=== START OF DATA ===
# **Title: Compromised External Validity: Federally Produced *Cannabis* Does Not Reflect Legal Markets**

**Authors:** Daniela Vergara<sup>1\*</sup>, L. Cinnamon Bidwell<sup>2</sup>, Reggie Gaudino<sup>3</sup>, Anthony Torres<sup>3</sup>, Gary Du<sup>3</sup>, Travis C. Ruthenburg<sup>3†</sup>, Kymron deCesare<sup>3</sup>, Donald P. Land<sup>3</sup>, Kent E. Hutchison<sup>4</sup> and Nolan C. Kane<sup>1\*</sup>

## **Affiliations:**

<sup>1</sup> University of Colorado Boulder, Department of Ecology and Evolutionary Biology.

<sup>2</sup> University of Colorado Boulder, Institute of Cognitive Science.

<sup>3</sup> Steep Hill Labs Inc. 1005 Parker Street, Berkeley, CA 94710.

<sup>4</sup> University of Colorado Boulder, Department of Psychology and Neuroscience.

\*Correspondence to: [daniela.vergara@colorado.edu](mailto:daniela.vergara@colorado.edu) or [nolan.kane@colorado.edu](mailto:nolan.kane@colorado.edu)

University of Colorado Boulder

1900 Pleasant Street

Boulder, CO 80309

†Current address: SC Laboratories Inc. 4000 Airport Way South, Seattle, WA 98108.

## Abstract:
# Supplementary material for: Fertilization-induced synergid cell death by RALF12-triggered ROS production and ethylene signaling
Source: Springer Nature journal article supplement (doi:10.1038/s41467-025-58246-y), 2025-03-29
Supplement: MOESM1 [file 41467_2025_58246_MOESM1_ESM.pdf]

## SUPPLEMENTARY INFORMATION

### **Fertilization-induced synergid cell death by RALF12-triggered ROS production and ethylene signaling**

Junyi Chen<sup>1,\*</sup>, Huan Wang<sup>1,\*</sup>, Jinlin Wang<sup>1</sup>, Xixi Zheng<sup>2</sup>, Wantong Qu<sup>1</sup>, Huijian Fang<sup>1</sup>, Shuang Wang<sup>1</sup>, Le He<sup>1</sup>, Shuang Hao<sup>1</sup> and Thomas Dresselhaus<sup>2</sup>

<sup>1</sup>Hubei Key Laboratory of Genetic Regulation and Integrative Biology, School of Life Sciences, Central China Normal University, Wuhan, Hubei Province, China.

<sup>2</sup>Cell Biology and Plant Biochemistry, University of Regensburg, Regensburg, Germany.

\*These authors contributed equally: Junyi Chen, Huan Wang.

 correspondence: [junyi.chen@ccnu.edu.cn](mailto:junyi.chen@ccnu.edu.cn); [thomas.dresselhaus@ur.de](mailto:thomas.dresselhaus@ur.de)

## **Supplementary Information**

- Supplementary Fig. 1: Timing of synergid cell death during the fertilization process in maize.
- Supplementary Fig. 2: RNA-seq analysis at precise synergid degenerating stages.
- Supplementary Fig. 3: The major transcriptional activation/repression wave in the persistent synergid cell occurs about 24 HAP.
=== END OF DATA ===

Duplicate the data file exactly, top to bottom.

# **Title: Compromised External Validity: Federally Produced *Cannabis* Does Not Reflect Legal Markets**

**Authors:** Daniela Vergara<sup>1\*</sup>, L. Cinnamon Bidwell<sup>2</sup>, Reggie Gaudino<sup>3</sup>, Anthony Torres<sup>3</sup>, Gary Du<sup>3</sup>, Travis C. Ruthenburg<sup>3†</sup>, Kymron deCesare<sup>3</sup>, Donald P. Land<sup>3</sup>, Kent E. Hutchison<sup>4</sup> and Nolan C. Kane<sup>1\*</sup>

## **Affiliations:**

<sup>1</sup> University of Colorado Boulder, Department of Ecology and Evolutionary Biology.

<sup>2</sup> University of Colorado Boulder, Institute of Cognitive Science.

<sup>3</sup> Steep Hill Labs Inc. 1005 Parker Street, Berkeley, CA 94710.

<sup>4</sup> University of Colorado Boulder, Department of Psychology and Neuroscience.

\*Correspondence to: [daniela.vergara@colorado.edu](mailto:daniela.vergara@colorado.edu) or [nolan.kane@colorado.edu](mailto:nolan.kane@colorado.edu)

University of Colorado Boulder

1900 Pleasant Street

Boulder, CO 80309

†Current address: SC Laboratories Inc. 4000 Airport Way South, Seattle, WA 98108.

## Abstract:
# Supplementary material for: Fertilization-induced synergid cell death by RALF12-triggered ROS production and ethylene signaling
Source: Springer Nature journal article supplement (doi:10.1038/s41467-025-58246-y), 2025-03-29
Supplement: MOESM1 [file 41467_2025_58246_MOESM1_ESM.pdf]

## SUPPLEMENTARY INFORMATION

### **Fertilization-induced synergid cell death by RALF12-triggered ROS production and ethylene signaling**

Junyi Chen<sup>1,\*</sup>, Huan Wang<sup>1,\*</sup>, Jinlin Wang<sup>1</sup>, Xixi Zheng<sup>2</sup>, Wantong Qu<sup>1</sup>, Huijian Fang<sup>1</sup>, Shuang Wang<sup>1</sup>, Le He<sup>1</sup>, Shuang Hao<sup>1</sup> and Thomas Dresselhaus<sup>2</sup>

<sup>1</sup>Hubei Key Laboratory of Genetic Regulation and Integrative Biology, School of Life Sciences, Central China Normal University, Wuhan, Hubei Province, China.

<sup>2</sup>Cell Biology and Plant Biochemistry, University of Regensburg, Regensburg, Germany.

\*These authors contributed equally: Junyi Chen, Huan Wang.

 correspondence: [junyi.chen@ccnu.edu.cn](mailto:junyi.chen@ccnu.edu.cn); [thomas.dresselhaus@ur.de](mailto:thomas.dresselhaus@ur.de)

## **Supplementary Information**

- Supplementary Fig. 1: Timing of synergid cell death during the fertilization process in maize.
- Supplementary Fig. 2: RNA-seq analysis at precise synergid degenerating stages.
- Supplementary Fig. 3: The major transcriptional activation/repression wave in the persistent synergid cell occurs about 24 HAP.